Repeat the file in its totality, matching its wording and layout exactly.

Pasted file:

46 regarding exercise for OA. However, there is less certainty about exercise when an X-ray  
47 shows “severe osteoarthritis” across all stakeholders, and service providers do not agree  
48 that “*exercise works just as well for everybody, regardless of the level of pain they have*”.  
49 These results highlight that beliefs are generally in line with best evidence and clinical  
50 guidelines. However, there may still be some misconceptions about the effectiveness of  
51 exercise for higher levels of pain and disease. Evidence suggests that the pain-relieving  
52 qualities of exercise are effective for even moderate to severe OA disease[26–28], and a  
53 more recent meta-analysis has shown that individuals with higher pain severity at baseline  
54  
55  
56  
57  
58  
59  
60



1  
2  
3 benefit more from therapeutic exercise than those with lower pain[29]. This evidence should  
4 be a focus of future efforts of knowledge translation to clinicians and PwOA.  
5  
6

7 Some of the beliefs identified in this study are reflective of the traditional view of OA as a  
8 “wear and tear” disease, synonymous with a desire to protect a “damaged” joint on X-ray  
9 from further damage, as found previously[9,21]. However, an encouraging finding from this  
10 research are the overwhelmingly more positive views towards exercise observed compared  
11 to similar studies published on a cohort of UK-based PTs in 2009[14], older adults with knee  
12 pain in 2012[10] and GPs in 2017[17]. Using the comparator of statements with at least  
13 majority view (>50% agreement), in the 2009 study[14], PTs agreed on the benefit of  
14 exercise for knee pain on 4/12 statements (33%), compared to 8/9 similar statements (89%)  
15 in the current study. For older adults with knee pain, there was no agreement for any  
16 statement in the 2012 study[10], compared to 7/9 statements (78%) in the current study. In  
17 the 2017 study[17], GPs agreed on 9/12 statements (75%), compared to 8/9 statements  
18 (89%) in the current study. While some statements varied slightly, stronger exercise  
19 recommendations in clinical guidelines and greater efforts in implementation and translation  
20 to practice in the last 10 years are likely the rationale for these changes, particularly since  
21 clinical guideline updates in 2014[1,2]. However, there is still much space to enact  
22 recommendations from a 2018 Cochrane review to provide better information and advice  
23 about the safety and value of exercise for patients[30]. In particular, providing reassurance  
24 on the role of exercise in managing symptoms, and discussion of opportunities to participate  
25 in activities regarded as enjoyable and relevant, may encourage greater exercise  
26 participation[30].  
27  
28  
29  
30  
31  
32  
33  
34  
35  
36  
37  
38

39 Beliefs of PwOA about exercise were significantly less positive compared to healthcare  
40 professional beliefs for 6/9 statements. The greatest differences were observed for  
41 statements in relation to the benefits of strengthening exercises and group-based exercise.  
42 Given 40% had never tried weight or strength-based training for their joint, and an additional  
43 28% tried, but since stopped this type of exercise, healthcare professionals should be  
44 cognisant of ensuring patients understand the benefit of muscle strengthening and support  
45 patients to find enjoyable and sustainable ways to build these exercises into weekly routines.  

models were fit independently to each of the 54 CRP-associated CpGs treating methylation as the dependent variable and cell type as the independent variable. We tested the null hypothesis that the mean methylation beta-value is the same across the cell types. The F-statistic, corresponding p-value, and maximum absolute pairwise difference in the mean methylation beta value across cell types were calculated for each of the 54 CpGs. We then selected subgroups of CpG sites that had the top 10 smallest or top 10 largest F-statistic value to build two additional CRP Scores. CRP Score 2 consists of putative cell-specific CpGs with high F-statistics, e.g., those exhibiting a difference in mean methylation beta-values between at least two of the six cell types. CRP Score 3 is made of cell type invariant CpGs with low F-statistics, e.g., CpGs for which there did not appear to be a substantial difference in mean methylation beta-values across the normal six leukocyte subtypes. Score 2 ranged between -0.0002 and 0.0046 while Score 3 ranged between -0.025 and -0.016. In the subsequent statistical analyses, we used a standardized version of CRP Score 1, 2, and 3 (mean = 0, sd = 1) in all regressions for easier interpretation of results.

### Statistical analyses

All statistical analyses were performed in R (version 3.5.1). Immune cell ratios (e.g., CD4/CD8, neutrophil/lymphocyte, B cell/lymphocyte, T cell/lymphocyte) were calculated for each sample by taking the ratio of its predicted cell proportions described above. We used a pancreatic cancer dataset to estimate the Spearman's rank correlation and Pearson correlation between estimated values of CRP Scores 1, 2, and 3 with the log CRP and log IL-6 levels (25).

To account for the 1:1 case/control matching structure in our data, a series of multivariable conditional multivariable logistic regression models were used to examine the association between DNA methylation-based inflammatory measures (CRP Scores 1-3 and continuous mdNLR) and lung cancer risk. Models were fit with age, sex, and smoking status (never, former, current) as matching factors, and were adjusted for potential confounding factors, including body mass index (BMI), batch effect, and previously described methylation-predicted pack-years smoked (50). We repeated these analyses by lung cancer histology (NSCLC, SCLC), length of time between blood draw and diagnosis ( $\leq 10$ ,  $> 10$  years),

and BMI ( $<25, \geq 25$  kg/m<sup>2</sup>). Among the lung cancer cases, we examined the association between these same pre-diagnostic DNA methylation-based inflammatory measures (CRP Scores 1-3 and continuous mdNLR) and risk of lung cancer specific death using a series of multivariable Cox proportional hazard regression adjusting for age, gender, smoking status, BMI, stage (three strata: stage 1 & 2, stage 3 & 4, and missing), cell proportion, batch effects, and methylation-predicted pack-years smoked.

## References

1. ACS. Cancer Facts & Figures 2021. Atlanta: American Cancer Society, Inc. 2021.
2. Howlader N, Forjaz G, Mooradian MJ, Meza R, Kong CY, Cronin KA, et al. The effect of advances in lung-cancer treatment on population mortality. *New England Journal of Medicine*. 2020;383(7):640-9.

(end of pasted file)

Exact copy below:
46 regarding exercise for OA. However, there is less certainty about exercise when an X-ray  
47 shows “severe osteoarthritis” across all stakeholders, and service providers do not agree  
48 that “*exercise works just as well for everybody, regardless of the level of pain they have*”.  
49 These results highlight that beliefs are generally in line with best evidence and clinical  
50 guidelines. However, there may still be some misconceptions about the effectiveness of  
51 exercise for higher levels of pain and disease. Evidence suggests that the pain-relieving  
52 qualities of exercise are effective for even moderate to severe OA disease[26–28], and a  
53 more recent meta-analysis has shown that individuals with higher pain severity at baseline  
54  
55  
56  
57  
58  
59  
60



1  
2  
3 benefit more from therapeutic exercise than those with lower pain[29]. This evidence should  
4 be a focus of future efforts of knowledge translation to clinicians and PwOA.  
5  
6

7 Some of the beliefs identified in this study are reflective of the traditional view of OA as a  
8 “wear and tear” disease, synonymous with a desire to protect a “damaged” joint on X-ray  
9 from further damage, as found previously[9,21]. However, an encouraging finding from this  
10 research are the overwhelmingly more positive views towards exercise observed compared  
11 to similar studies published on a cohort of UK-based PTs in 2009[14], older adults with knee  
12 pain in 2012[10] and GPs in 2017[17]. Using the comparator of statements with at least  
13 majority view (>50% agreement), in the 2009 study[14], PTs agreed on the benefit of  
14 exercise for knee pain on 4/12 statements (33%), compared to 8/9 similar statements (89%)  
15 in the current study. For older adults with knee pain, there was no agreement for any  
16 statement in the 2012 study[10], compared to 7/9 statements (78%) in the current study. In  
17 the 2017 study[17], GPs agreed on 9/12 statements (75%), compared to 8/9 statements  
18 (89%) in the current study. While some statements varied slightly, stronger exercise  
19 recommendations in clinical guidelines and greater efforts in implementation and translation  
20 to practice in the last 10 years are likely the rationale for these changes, particularly since  
21 clinical guideline updates in 2014[1,2]. However, there is still much space to enact  
22 recommendations from a 2018 Cochrane review to provide better information and advice  
23 about the safety and value of exercise for patients[30]. In particular, providing reassurance  
24 on the role of exercise in managing symptoms, and discussion of opportunities to participate  
25 in activities regarded as enjoyable and relevant, may encourage greater exercise  
26 participation[30].  
27  
28  
29  
30  
31  
32  
33  
34  
35  
36  
37  
38

39 Beliefs of PwOA about exercise were significantly less positive compared to healthcare  
40 professional beliefs for 6/9 statements. The greatest differences were observed for  
41 statements in relation to the benefits of strengthening exercises and group-based exercise.  
42 Given 40% had never tried weight or strength-based training for their joint, and an additional  
43 28% tried, but since stopped this type of exercise, healthcare professionals should be  
44 cognisant of ensuring patients understand the benefit of muscle strengthening and support  
45 patients to find enjoyable and sustainable ways to build these exercises into weekly routines.  

models were fit independently to each of the 54 CRP-associated CpGs treating methylation as the dependent variable and cell type as the independent variable. We tested the null hypothesis that the mean methylation beta-value is the same across the cell types. The F-statistic, corresponding p-value, and maximum absolute pairwise difference in the mean methylation beta value across cell types were calculated for each of the 54 CpGs. We then selected subgroups of CpG sites that had the top 10 smallest or top 10 largest F-statistic value to build two additional CRP Scores. CRP Score 2 consists of putative cell-specific CpGs with high F-statistics, e.g., those exhibiting a difference in mean methylation beta-values between at least two of the six cell types. CRP Score 3 is made of cell type invariant CpGs with low F-statistics, e.g., CpGs for which there did not appear to be a substantial difference in mean methylation beta-values across the normal six leukocyte subtypes. Score 2 ranged between -0.0002 and 0.0046 while Score 3 ranged between -0.025 and -0.016. In the subsequent statistical analyses, we used a standardized version of CRP Score 1, 2, and 3 (mean = 0, sd = 1) in all regressions for easier interpretation of results.

### Statistical analyses

All statistical analyses were performed in R (version 3.5.1). Immune cell ratios (e.g., CD4/CD8, neutrophil/lymphocyte, B cell/lymphocyte, T cell/lymphocyte) were calculated for each sample by taking the ratio of its predicted cell proportions described above. We used a pancreatic cancer dataset to estimate the Spearman's rank correlation and Pearson correlation between estimated values of CRP Scores 1, 2, and 3 with the log CRP and log IL-6 levels (25).

To account for the 1:1 case/control matching structure in our data, a series of multivariable conditional multivariable logistic regression models were used to examine the association between DNA methylation-based inflammatory measures (CRP Scores 1-3 and continuous mdNLR) and lung cancer risk. Models were fit with age, sex, and smoking status (never, former, current) as matching factors, and were adjusted for potential confounding factors, including body mass index (BMI), batch effect, and previously described methylation-predicted pack-years smoked (50). We repeated these analyses by lung cancer histology (NSCLC, SCLC), length of time between blood draw and diagnosis ( $\leq 10$ ,  $> 10$  years),

and BMI ( $<25, \geq 25$  kg/m<sup>2</sup>). Among the lung cancer cases, we examined the association between these same pre-diagnostic DNA methylation-based inflammatory measures (CRP Scores 1-3 and continuous mdNLR) and risk of lung cancer specific death using a series of multivariable Cox proportional hazard regression adjusting for age, gender, smoking status, BMI, stage (three strata: stage 1 & 2, stage 3 & 4, and missing), cell proportion, batch effects, and methylation-predicted pack-years smoked.

## References

1. ACS. Cancer Facts & Figures 2021. Atlanta: American Cancer Society, Inc. 2021.
2. Howlader N, Forjaz G, Mooradian MJ, Meza R, Kong CY, Cronin KA, et al. The effect of advances in lung-cancer treatment on population mortality. *New England Journal of Medicine*. 2020;383(7):640-9.